In the Visual Art section of this week’s Fall Arts Preview, San Francisco Open Studios gets a shout out. I recently talked with Therese Martin, Executive Director of ArtSpan, about Open Studios, and about ArtSpan’s role in helping Bay Area artists. We also discussed art by 'hood, and people who visit 75 artist studios in one weekend.
Guardian: How do you feel Open Studios is different from many art events in the Bay Area? I’d guess that while it’s larger, it’s can sometimes be more direct in terms of a chance to meet with artists.
Therese Martin: It’s definitely different because of the number of artists involved in so many different neighborhoods. It’s something you can participate in and not move beyond the 2 or 3 neighborhoods you normally go to.
The personal connection is unique. You really have the opportunity to shake the hand of a creative person. Even if you’re in a studio that’s not the living pace of an artist, it’s still a very personal space.
G: I’d guess that through Open Studios you have a keener sense than most people about the characteristics of art and artists in different neighborhoods.
TM: Visiting the Richmond and the Sunset is part of this experience that I have of going to brunch at a beach chalet and working my way back to the center of thecity. For me it’s a slower-paced endeavor than going to the multiple-artist group sites.
Going through a place such as Hayes Valley reminds me of a time when you used to go calling on people; it feels like that. I’ll start talking to the artist about where they get supplies and where they go to eat. In Hayes Valley, many of the artists are showing out of their homes, but they’re very well organized in terms of knowing who [among other neighborhood artists] is where. And I swear, they coordinate on the food. It’s not like you go to three places that have red wine and M&Ms. I’ve come to realize that the artists will gather weekly at Place Pigalle – there’s camaraderie in that neighborhood.
The Mission is interesting because there are so many different group site situations; there are a lot of smaller studios with emerging artists.
G: What types of advocacy work has ArtSpan been doing?
TM: There’s a survey that is taking place right now in regards to [Fabian] Nunez’s health care bill that’s going to the House. Artists of different disciplines have been sharing personal stories or filling in the survey and really qualifying whether they have insurance or access to health care, and if so, if they have it through a partner.
ArtSpan was heavily involved when artists were beginning to lose studio space during the dot com boom. Now, I see us playing more of a role in showing artists how to legitimize their business. We’ve always done workshops, but few artists really take advantage of the wealth of knowledge in this office. Sometimes people will call and ask if there is someone who specializes in doing taxes for studio artists. Artists often ask questions about incorporation or grants.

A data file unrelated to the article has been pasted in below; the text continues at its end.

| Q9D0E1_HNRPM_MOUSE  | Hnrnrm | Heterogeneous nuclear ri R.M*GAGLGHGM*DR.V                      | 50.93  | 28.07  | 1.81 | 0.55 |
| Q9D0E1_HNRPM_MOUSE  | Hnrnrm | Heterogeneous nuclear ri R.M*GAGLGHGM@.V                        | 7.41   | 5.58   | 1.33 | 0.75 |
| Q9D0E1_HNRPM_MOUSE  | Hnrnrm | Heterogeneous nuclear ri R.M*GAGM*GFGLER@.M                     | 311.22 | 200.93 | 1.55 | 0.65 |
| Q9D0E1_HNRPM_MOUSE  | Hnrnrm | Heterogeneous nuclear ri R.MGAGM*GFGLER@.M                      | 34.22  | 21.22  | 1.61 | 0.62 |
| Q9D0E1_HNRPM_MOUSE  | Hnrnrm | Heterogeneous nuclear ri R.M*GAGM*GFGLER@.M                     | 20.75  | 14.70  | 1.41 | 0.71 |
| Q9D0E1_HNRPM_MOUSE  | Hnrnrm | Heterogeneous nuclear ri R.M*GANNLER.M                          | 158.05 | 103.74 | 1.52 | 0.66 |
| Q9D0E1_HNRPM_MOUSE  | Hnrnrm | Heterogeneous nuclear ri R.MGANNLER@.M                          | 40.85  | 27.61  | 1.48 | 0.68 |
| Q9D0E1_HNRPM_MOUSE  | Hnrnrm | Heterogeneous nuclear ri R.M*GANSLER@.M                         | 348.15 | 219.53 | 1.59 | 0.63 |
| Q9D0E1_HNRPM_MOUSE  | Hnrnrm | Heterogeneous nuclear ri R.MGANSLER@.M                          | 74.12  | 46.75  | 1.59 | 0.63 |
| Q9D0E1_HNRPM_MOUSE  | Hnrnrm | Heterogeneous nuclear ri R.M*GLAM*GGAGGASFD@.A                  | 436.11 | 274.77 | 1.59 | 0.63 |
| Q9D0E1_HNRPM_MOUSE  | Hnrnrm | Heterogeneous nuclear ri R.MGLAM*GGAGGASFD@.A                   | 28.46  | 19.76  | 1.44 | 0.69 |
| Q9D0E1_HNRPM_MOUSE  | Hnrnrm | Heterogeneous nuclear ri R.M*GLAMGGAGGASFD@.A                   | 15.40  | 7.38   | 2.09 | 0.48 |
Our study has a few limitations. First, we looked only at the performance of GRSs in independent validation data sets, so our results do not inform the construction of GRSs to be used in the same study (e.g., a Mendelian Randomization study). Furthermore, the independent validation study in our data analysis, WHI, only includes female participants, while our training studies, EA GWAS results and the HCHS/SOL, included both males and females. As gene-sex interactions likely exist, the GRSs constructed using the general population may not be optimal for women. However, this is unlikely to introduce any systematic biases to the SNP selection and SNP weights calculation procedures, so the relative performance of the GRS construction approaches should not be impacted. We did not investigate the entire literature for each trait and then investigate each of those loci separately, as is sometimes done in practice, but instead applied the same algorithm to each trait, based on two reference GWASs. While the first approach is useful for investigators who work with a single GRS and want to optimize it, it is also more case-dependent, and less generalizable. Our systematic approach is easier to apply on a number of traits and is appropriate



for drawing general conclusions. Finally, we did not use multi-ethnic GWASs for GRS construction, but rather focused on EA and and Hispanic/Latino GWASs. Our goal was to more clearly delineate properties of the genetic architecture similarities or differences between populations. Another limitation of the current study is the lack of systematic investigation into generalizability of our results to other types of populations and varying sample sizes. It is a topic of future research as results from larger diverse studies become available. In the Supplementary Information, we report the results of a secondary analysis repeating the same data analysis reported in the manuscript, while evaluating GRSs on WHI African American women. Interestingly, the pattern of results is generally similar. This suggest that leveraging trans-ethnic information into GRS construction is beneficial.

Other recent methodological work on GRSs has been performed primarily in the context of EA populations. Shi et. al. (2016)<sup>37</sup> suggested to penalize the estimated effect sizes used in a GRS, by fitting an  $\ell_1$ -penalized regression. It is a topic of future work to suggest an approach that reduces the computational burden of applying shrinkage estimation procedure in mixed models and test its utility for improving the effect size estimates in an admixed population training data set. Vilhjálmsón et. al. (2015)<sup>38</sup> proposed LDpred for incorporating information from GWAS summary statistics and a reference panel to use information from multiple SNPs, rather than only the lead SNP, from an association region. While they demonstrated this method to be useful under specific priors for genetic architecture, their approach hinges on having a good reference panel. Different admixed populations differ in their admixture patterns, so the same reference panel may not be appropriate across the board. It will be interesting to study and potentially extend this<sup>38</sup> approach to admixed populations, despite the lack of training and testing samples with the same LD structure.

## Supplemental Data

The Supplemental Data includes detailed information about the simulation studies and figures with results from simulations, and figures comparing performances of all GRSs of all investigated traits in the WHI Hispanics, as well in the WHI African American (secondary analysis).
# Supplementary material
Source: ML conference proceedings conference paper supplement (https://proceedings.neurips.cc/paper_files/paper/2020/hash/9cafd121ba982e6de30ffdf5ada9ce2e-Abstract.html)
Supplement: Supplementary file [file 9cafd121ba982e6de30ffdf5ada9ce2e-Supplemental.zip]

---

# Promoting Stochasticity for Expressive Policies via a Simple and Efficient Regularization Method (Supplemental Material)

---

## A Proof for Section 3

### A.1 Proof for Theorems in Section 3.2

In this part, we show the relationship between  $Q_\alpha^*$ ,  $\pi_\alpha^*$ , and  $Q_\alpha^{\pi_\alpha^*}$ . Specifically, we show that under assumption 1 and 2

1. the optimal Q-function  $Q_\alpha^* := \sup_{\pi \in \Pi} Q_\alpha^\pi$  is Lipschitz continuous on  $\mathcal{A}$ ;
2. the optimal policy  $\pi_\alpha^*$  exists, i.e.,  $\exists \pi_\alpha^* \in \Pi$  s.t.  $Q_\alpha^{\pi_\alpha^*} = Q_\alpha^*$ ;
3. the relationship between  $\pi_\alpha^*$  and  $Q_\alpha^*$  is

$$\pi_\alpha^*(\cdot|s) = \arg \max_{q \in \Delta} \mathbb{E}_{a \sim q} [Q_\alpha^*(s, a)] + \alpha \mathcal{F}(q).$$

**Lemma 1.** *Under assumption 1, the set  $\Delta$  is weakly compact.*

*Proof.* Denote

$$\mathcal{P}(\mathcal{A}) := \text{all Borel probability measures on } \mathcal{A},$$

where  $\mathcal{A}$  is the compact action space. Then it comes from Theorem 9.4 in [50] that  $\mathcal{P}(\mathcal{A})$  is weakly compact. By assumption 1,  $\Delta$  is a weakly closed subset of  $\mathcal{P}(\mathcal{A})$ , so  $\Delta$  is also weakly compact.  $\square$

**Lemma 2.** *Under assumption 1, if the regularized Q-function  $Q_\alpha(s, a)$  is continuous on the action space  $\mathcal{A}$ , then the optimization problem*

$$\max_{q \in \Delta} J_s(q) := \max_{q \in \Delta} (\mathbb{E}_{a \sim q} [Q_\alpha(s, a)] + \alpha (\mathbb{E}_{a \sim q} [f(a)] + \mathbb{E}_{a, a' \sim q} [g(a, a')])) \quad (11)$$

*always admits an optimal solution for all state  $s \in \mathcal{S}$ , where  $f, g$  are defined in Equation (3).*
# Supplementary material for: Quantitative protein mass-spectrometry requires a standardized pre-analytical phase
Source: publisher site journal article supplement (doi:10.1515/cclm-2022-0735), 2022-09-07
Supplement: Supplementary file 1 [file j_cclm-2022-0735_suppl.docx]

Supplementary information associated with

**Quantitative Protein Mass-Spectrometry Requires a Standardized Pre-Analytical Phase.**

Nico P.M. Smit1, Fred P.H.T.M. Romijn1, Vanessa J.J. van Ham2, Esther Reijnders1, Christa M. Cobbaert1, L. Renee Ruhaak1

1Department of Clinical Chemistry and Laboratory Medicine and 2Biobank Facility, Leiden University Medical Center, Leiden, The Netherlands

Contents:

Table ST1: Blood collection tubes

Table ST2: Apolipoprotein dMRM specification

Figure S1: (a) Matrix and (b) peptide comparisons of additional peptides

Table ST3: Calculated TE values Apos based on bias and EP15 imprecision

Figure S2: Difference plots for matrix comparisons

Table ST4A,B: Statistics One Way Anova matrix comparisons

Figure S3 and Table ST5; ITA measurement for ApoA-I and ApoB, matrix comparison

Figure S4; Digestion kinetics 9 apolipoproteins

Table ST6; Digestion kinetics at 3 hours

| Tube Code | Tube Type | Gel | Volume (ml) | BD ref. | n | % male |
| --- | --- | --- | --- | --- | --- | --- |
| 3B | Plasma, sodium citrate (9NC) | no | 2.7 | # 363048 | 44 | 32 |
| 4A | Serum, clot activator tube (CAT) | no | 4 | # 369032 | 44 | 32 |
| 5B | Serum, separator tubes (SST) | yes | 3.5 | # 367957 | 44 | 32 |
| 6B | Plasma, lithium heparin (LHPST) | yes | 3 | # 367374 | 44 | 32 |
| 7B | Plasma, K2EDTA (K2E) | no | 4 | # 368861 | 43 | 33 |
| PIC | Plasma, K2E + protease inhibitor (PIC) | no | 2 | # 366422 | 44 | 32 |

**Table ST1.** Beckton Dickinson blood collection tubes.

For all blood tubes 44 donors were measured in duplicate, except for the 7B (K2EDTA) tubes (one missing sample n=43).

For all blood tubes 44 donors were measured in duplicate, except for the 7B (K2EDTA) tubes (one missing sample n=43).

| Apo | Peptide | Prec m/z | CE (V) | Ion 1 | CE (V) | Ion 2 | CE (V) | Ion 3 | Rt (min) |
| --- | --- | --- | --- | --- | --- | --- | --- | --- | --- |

One area where I have personal strength is in helping artists understand how to finance their business. A lot of artists tend to try to finance their efforts entirely through equity. You can qualify for a loan if you’ve gathered data together – I know that can be very difficult for some artists (laughs).
Helping an artist to develop business sense serves them whether or not they’re in Open Studios for the long run as a constant participant. A lot of the work involves pointing artists to other nonprofit organizations. The SBA, the Small Business Administration does offer classes in business planning, and for a while they even had a person devoted to helping visual artists. I don’t think that resource was tapped into nearly as much as it could have been.
G: This year Open Studios is having a fifth weekend at the beginning of November. Can you tell me about that?
TM: It’s good for the artists, because people are starting to think about gifts for the holidays at that time. Also, we don’t want to compete with every festival going on in San Francisco, and there were three of them happening in the first week of November.
G: Are there aspects of Open Studios that people don’t know about, or that you wish people were more aware of?
TM: This is the oldest Open Studios program of this scale organized at this level in the country. It’s an international reference point. I really think it could only have happened in San Francisco.
Another thing is that this is a heavily subsidized program. People talk about the artists paying to be in it, but they’re paying anywhere between one-fifth or one-third the cost of what it takes to mount the Open Studios program.
My hope is that more artists become actively involved so that when opportunities come along, their names are in our [ArtSpan’s] minds. Garry Marshall was interested in one artist’s work to use in The Princess Diaries, and we really had to call her and say, “This is all checked out – you really need to call him back!” It’s not that I want to function as the Better Business Bureau, but it’s one way in which our involvement spans beyond October to the rest of the year.
The biggest thing that people should know about participating in Open Studios is that they shouldn’t be overwhelmed. There are people who compete – I know people who say, “Alright, whoever gets to 75 studios first gets free drinks.” That can be fun, but it’s not necessarily the best way to begin.
I wouldn’t try to schedule 30 artist visits in a day. Last year I was in graduate school. While walking from a coffee shop to a class I had about 20 minutes; I used it to pop into a studio and it absolutely made my day.
You can do Open Studios for an entire Saturday, or for an entire weekend. But I’d say if you bump into an open studio, it takes no time to step in and look around.
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